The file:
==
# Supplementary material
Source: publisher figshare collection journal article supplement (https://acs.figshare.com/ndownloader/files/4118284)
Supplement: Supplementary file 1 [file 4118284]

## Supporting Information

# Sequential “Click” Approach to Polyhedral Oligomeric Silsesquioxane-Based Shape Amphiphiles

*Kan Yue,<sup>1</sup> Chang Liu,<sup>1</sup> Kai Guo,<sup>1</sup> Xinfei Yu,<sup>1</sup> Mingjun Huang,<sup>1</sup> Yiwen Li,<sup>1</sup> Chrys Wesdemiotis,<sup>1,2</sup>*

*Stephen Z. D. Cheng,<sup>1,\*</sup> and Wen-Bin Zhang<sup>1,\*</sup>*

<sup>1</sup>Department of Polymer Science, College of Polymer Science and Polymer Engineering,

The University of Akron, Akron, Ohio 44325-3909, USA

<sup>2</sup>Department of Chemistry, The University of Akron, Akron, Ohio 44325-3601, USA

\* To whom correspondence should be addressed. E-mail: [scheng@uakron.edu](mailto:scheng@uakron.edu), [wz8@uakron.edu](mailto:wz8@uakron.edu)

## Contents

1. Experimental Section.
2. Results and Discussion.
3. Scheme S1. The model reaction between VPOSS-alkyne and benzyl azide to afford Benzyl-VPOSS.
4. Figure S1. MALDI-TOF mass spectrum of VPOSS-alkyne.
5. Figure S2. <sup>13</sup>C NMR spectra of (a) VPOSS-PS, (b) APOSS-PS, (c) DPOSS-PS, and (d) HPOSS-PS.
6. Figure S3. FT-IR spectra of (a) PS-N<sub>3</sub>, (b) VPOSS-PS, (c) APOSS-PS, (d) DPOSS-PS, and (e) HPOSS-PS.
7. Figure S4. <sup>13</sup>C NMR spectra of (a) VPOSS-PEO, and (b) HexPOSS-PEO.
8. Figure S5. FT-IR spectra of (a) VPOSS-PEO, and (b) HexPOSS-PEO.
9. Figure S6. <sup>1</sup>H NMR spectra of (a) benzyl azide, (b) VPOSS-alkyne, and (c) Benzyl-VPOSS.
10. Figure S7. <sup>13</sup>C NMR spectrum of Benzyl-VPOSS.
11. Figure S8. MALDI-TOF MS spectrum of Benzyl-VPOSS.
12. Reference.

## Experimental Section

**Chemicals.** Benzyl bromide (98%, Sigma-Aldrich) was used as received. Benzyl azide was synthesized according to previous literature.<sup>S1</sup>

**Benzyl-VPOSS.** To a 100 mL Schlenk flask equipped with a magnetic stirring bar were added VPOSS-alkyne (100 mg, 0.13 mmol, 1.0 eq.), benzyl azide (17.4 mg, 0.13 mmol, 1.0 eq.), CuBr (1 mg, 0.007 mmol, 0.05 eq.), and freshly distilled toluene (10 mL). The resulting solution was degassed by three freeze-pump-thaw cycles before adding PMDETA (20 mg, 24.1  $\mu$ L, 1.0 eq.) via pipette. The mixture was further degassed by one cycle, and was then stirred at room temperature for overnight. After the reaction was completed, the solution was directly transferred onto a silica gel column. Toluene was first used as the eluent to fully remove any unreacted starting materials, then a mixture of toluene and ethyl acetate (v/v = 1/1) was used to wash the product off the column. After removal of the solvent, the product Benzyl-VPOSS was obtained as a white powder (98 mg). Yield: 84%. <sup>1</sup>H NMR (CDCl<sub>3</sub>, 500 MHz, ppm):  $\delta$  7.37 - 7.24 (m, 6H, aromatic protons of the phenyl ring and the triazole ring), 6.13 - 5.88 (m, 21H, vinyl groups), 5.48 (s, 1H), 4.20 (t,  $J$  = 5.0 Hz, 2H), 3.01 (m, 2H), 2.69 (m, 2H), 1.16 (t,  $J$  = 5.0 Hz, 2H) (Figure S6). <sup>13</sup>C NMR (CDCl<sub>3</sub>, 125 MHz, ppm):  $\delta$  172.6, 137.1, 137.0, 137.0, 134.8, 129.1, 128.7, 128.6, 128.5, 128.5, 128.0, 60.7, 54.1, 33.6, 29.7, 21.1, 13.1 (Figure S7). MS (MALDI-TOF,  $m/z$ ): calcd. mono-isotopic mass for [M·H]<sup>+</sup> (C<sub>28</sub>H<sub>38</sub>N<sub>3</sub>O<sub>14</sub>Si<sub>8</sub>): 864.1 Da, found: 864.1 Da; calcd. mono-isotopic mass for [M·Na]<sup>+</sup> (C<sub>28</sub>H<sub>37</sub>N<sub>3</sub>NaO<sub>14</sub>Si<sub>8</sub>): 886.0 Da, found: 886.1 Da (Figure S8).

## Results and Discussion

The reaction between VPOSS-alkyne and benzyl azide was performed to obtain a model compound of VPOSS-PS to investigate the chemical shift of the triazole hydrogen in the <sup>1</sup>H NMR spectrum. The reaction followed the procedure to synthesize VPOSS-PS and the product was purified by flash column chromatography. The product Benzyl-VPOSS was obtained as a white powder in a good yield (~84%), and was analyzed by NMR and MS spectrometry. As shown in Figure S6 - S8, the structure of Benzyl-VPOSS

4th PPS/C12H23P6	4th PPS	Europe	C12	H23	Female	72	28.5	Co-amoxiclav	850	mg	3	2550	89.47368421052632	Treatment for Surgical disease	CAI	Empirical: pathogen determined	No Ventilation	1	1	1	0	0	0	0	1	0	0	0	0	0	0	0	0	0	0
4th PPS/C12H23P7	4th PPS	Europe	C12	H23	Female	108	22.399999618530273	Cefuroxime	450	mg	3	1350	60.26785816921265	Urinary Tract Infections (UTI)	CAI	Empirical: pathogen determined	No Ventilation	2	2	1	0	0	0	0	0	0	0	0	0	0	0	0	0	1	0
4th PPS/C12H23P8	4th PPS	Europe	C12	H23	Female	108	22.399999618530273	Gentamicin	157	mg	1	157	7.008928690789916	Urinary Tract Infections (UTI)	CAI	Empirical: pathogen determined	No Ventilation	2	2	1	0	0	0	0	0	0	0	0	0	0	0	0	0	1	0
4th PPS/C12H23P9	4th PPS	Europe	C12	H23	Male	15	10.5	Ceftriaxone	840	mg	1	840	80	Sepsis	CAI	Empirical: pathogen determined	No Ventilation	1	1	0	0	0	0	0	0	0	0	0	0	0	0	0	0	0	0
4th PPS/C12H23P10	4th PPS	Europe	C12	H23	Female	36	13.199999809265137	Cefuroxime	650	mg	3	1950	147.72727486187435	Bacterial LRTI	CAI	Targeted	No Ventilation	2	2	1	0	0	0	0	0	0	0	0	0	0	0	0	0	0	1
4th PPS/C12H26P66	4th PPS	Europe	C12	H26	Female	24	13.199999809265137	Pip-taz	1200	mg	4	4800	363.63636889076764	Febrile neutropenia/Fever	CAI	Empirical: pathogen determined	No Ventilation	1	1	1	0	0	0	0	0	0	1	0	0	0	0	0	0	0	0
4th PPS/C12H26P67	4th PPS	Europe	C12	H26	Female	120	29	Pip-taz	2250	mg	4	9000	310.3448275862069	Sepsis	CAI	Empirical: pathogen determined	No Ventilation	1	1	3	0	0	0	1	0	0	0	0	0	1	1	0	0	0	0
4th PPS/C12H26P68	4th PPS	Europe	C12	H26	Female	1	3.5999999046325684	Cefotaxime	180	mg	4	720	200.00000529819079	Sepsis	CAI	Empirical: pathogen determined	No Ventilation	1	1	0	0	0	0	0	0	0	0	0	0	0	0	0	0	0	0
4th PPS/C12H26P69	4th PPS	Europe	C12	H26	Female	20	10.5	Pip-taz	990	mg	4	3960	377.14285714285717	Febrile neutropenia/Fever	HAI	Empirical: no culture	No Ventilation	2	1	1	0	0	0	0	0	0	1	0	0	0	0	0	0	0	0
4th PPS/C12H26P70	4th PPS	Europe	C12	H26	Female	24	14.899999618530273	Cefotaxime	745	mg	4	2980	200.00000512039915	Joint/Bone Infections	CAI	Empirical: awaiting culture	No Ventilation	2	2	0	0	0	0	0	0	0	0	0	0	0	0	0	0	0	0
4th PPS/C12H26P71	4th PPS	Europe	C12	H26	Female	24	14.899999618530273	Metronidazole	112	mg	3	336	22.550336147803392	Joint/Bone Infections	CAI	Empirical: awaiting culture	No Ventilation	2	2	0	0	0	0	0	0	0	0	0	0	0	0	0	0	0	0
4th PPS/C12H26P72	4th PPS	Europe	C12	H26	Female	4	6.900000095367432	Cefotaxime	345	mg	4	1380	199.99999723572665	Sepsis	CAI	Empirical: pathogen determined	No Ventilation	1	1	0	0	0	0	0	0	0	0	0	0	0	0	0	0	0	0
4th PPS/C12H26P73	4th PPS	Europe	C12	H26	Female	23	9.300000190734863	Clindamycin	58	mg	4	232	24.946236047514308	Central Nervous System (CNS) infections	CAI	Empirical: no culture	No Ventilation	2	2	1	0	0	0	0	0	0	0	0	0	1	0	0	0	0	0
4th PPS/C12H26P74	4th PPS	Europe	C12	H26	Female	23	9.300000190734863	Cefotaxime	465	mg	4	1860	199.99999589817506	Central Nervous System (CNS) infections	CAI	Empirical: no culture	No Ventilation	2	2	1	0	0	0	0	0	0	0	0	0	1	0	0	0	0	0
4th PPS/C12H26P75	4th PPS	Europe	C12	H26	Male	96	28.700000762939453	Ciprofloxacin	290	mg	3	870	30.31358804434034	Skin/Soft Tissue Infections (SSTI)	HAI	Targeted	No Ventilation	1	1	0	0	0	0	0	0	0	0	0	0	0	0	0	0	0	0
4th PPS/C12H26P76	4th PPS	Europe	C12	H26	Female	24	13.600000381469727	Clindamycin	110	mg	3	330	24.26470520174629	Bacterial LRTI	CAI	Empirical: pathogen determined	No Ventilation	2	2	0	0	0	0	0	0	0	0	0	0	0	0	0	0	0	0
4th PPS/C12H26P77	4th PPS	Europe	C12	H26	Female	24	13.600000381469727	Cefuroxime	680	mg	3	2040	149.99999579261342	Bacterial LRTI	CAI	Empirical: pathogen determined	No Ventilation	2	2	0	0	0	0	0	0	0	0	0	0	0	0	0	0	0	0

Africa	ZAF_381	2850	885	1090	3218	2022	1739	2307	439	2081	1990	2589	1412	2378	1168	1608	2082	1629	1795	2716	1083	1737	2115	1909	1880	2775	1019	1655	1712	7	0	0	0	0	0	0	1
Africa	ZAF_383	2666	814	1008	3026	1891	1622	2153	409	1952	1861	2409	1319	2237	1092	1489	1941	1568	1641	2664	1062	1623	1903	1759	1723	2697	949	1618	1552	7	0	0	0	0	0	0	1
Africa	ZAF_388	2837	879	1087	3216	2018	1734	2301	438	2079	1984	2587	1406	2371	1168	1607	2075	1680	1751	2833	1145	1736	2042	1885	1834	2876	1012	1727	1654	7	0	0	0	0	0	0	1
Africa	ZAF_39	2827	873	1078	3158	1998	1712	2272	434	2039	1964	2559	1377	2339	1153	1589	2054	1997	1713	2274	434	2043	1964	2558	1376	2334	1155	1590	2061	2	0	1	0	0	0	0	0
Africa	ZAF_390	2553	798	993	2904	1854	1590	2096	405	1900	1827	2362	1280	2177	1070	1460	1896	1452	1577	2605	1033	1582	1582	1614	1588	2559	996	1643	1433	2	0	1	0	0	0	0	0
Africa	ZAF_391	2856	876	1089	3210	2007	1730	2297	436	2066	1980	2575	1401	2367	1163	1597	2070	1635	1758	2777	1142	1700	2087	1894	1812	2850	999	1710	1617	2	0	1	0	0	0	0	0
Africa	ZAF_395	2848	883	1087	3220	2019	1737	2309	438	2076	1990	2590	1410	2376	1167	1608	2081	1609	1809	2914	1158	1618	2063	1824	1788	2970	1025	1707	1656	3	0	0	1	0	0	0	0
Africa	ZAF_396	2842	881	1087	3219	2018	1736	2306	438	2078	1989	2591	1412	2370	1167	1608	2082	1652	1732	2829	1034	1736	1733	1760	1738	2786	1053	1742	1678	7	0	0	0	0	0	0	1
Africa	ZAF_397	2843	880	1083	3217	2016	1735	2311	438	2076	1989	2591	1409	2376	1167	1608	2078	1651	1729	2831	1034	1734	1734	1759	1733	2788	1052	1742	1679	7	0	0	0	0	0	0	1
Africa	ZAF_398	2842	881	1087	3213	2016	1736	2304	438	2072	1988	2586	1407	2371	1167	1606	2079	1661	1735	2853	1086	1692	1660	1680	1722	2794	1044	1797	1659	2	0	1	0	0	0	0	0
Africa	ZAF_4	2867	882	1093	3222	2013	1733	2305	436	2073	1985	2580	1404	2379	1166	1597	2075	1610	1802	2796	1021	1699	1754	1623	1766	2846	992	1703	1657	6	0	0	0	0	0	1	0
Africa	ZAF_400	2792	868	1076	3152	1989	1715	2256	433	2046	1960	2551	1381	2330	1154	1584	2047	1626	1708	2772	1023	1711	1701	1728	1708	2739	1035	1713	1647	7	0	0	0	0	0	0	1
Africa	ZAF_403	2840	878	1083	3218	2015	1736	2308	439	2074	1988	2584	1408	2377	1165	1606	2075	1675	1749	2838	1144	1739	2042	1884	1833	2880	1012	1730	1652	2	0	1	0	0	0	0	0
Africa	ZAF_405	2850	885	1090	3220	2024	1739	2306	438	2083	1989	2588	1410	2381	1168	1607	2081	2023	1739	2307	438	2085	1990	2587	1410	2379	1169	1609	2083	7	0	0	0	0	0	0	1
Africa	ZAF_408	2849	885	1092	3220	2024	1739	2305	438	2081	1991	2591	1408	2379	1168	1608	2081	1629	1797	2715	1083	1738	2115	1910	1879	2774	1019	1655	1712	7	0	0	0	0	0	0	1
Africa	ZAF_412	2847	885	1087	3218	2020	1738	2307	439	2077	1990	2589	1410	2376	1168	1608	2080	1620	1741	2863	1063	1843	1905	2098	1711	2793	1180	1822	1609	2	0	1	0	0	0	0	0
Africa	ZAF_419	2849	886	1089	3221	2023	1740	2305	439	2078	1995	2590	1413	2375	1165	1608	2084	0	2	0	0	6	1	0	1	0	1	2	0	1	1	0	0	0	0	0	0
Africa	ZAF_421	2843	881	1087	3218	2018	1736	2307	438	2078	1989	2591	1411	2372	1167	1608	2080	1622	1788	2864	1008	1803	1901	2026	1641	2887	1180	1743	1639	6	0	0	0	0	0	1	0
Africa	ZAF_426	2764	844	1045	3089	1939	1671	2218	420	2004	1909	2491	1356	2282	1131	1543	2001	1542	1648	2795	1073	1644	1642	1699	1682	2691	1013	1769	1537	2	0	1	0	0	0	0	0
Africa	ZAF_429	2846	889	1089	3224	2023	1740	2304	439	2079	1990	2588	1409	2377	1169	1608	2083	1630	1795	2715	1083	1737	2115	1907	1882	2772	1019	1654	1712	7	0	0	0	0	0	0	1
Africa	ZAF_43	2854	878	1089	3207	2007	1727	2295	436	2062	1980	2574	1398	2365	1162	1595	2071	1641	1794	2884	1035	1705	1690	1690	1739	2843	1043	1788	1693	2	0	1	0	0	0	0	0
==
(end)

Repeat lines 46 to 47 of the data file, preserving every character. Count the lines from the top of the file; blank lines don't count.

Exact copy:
4th PPS/C12H26P77	4th PPS	Europe	C12	H26	Female	24	13.600000381469727	Cefuroxime	680	mg	3	2040	149.99999579261342	Bacterial LRTI	CAI	Empirical: pathogen determined	No Ventilation	2	2	0	0	0	0	0	0	0	0	0	0	0	0	0	0	0	0

Africa	ZAF_381	2850	885	1090	3218	2022	1739	2307	439	2081	1990	2589	1412	2378	1168	1608	2082	1629	1795	2716	1083	1737	2115	1909	1880	2775	1019	1655	1712	7	0	0	0	0	0	0	1